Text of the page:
Is an accommodation “reasonable,” under the Americans with Disabilities Act, if and only if the benefits are roughly proportional to the costs? How should benefits and costs be assessed? Should courts asks about how much disabled employees are willing to pay to obtain the accommodation, or instead how much they would have to be paid not to have the accommodation? How should stigmatic or expressive harms be valued? This essay, written for a symposium on the work of Judge Richard A. Posner, engages these questions in a discussion of an important opinion in which Judge Posner denied accommodations involving the lowering of a sink in a kitchenette and a request for telecommuting. The problem with the analysis in that opinion is that it does not seriously analyze either costs or benefits. A general lesson is that while cost-benefit balancing can helpfully discipline unreliable intuitions about the effects of requested accommodations, it can also incorporate those intuitions. Another lesson is that stigmatic harms and daily humiliations deserve serious attention as part of the inquiry into which accommodations are reasonable, and that the removal of those harms and humiliations can create real benefits. Adequate cost-benefit analyses must attempt to measure and include those benefits.
Monday, January 29, 2007
Thanks to Jon Forman (Oklahoma) for directing me to this important report by the Employee Benefit Research Instiutute (EBRI) on Behavioral Finance and Retirement Plan Contributions: How Participants Behave, and Prescriptive Solutions.
Here are some points from the Executive Summary of the report:
Enactment of the Pension Protection Act of 2006 (PPA), notably its automatic enrollment, automatic default contribution, and automatic deferral increase provisions, illustrates that Congress implicitly endorsed the value of behavioral economics as applied to retirement policy.
- Behavioral research has repeatedly demonstrated many workers’ tendency to follow whatever retirement planning path provides the least resistance. Benefit plan architects and administrators effectively direct and pave that path when they design retirement plans, especially when establishing plan default provisions, the “rules” governing what happens when workers fail to make active decisions.
- Workers can benefit from a simplified enrollment process, “required” active decisions may increase participation and contribution deferral rates, and other plan features (such as automatic deferral escalation) are effective in increasing participant savings rates.
A worthy report on how to utilize behavioral research to make retirement saving work for more individuals.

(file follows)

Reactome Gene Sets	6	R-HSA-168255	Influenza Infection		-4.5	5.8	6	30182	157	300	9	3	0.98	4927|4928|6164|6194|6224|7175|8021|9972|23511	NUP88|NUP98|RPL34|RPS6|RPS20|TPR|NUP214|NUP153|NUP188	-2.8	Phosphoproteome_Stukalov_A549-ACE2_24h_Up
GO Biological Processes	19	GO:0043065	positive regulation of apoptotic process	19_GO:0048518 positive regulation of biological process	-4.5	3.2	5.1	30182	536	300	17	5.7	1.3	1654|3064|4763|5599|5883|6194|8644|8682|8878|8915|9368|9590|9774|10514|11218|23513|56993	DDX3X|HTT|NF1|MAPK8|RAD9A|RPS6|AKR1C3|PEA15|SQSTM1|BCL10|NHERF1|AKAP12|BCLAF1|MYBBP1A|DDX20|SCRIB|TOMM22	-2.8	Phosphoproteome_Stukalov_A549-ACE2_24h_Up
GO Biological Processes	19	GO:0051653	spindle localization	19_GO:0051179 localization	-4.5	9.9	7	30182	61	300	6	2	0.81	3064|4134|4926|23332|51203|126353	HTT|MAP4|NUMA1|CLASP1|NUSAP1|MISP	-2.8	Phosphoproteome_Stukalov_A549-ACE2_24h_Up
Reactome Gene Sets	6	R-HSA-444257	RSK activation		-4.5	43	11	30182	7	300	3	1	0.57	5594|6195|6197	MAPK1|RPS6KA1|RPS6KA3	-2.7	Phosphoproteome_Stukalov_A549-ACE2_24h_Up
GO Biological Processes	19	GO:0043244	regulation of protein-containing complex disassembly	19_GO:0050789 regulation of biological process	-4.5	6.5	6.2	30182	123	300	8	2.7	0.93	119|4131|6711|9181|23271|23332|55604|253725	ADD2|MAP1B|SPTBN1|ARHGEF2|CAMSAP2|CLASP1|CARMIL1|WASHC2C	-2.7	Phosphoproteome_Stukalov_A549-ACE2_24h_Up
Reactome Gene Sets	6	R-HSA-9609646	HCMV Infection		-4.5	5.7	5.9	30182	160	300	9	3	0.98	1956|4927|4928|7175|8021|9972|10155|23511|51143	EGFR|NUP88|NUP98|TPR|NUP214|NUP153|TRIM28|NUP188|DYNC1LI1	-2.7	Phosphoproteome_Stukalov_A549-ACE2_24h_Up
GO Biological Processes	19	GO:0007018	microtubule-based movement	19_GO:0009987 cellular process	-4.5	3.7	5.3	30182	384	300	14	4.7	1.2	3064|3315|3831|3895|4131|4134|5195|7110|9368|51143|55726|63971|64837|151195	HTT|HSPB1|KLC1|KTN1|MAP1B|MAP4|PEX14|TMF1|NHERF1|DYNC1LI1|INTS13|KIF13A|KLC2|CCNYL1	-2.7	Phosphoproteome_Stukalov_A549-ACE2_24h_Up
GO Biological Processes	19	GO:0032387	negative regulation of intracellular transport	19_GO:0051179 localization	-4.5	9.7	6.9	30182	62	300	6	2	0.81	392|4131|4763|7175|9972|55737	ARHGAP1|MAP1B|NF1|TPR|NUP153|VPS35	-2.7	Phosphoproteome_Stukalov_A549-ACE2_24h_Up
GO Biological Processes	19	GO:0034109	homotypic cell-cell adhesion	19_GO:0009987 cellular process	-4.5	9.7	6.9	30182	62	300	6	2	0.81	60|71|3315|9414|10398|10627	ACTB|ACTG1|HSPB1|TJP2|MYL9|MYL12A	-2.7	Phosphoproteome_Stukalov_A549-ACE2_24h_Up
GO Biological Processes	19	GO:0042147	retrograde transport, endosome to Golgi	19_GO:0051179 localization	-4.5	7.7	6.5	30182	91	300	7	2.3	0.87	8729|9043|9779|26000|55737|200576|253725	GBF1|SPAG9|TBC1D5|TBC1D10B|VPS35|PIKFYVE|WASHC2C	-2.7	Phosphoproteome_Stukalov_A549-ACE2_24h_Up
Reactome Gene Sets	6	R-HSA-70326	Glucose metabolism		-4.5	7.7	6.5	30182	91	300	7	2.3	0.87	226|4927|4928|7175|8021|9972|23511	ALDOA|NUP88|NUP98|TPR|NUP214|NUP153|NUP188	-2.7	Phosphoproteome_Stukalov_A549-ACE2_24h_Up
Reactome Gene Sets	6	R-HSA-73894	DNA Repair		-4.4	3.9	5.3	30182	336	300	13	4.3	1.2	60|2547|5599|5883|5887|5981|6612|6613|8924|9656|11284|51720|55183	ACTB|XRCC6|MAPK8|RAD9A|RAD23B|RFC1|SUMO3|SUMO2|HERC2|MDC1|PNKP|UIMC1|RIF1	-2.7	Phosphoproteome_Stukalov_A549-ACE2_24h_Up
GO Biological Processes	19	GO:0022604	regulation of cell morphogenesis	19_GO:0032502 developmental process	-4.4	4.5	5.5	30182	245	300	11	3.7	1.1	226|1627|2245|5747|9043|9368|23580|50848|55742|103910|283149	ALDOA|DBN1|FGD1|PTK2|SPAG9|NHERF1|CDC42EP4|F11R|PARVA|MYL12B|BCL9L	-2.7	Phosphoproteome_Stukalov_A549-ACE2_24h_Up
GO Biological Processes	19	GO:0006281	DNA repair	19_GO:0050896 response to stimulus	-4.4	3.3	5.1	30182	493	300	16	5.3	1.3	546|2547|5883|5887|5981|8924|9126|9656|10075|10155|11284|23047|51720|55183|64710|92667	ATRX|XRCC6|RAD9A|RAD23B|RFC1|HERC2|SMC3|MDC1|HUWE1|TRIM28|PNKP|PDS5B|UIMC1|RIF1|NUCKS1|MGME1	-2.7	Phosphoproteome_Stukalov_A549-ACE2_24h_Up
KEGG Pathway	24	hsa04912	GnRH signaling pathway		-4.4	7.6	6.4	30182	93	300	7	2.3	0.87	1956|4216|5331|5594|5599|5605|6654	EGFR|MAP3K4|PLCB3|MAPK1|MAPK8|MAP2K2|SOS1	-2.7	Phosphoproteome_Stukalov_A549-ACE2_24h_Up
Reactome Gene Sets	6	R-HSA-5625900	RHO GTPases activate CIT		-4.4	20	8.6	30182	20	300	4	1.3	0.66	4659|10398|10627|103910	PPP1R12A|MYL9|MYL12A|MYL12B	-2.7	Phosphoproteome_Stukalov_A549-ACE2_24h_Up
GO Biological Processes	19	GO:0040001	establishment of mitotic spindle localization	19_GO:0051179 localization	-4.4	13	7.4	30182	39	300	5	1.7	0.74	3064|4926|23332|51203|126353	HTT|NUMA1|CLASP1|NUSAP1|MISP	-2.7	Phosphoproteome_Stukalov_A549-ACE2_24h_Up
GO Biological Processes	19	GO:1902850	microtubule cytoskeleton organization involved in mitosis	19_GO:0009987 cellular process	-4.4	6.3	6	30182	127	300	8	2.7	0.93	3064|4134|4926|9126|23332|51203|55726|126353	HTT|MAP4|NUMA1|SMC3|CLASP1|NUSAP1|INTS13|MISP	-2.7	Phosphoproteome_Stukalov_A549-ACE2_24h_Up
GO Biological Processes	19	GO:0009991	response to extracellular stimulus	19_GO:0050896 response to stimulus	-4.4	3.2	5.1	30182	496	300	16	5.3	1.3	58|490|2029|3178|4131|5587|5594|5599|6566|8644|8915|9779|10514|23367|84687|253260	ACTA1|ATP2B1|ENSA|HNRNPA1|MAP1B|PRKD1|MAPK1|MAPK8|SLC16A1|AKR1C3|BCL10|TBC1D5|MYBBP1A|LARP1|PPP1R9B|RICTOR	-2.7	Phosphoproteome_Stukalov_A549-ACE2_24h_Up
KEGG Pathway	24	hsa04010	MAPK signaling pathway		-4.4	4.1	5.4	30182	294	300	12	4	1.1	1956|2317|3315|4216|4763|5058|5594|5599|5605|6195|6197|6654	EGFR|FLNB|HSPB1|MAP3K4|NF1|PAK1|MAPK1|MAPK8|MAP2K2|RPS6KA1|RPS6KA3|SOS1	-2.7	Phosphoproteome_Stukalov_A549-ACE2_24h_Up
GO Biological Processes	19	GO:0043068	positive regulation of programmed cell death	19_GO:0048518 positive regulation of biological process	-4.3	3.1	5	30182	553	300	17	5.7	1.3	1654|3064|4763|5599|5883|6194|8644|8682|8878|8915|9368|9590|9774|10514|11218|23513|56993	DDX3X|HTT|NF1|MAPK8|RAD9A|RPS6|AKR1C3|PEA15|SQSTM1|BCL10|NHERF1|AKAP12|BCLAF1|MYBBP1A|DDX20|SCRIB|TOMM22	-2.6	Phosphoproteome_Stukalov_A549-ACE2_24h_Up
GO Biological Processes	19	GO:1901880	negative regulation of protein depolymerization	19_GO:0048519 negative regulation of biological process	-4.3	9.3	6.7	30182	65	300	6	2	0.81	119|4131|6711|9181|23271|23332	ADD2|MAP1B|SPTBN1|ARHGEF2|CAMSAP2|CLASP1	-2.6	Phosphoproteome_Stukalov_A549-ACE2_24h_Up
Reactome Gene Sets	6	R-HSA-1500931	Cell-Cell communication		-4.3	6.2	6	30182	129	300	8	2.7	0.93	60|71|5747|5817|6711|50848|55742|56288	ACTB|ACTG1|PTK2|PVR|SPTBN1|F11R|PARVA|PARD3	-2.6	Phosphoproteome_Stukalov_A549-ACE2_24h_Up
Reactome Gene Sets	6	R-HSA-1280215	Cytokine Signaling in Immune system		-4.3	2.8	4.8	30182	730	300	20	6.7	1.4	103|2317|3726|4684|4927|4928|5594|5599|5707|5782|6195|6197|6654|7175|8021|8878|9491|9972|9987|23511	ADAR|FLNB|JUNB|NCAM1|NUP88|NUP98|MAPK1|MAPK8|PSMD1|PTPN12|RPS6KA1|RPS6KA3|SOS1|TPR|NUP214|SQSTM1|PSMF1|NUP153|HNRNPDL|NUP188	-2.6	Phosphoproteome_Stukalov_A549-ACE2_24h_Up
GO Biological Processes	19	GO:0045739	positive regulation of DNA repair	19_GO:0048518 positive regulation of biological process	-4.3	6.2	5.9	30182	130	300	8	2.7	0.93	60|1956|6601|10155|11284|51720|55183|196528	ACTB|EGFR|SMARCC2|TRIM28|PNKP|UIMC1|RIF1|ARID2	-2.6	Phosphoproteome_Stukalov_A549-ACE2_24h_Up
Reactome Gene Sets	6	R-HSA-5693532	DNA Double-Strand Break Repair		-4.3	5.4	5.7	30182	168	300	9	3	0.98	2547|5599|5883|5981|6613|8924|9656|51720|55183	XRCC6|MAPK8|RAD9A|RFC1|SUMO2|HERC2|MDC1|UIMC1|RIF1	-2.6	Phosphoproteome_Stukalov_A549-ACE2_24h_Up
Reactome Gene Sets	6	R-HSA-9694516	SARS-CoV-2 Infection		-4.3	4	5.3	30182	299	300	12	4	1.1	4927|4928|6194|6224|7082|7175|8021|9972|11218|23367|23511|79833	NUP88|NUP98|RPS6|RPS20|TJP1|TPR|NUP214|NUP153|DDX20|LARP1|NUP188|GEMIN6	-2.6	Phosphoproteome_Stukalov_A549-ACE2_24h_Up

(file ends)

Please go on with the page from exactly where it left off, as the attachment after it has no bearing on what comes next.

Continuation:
In Cash Distributing v. Neely (Miss. Jan. 25, 2007) (en banc), the Mississippi Supreme Court found in a 5-3 en banc decision an ADEA plaintiff may prevail at trial without rebutting all of the employer's nondiscriminatory reasons. The court found that United States Supreme Court precedent required only that the plaintiff rebut the employer's nondiscriminatory reasons for the discharge by persuading the jury that, true or not, the reasons offered by the employer were not the motivating reasons for his discharge. (The use of the motivating reasons language seems to fit with mixed motive analysis. It does not appear, however, that mixed motive analysis played any role in this case.).
I think the majority has it right, given language from Reeves, quoting Hicks. In particular:
The factfinder’s disbelief of the reasons put forward by the defendant (particularly if disbelief is accompanied by a suspicion of mendacity) may, together with the elements of the prima facie case, suffice to show intentional discrimination. Thus, rejection of the defendant’s proffered reasons will permit the trier of fact to infer the ultimate fact of intentional discrimination.
In particular, I don't think the plaintiff need show that the employer's nondiscriminatory reasons are false, but merely that those reasons did not cause the employee to lose his or her job. Such a finding, along with establishment of the prima facie case by the plaintiff, should permit (not require) a factfinder to find unlawful discrimination on the part of the employer.
We have not heard the last on this issue. It bears mentioning that this case goes against a substantial amount of contrary existing precedent in the 3rd, 5th, 7th, and 11th Circuits, which all require rebuttal by the plaintiff of each and every nondiscriminatory reason offered by the employer in order for an employment discrimination plaintiff to prevail in a pretext case.
The Supreme Court should decide, once and for all, that these Circuit Courts' understanding of McDonnell Douglas and Burdine is a far too restrictive reading of what plaintiffs should have to establish in Title VII/ADEA pretext cases in order to prevail.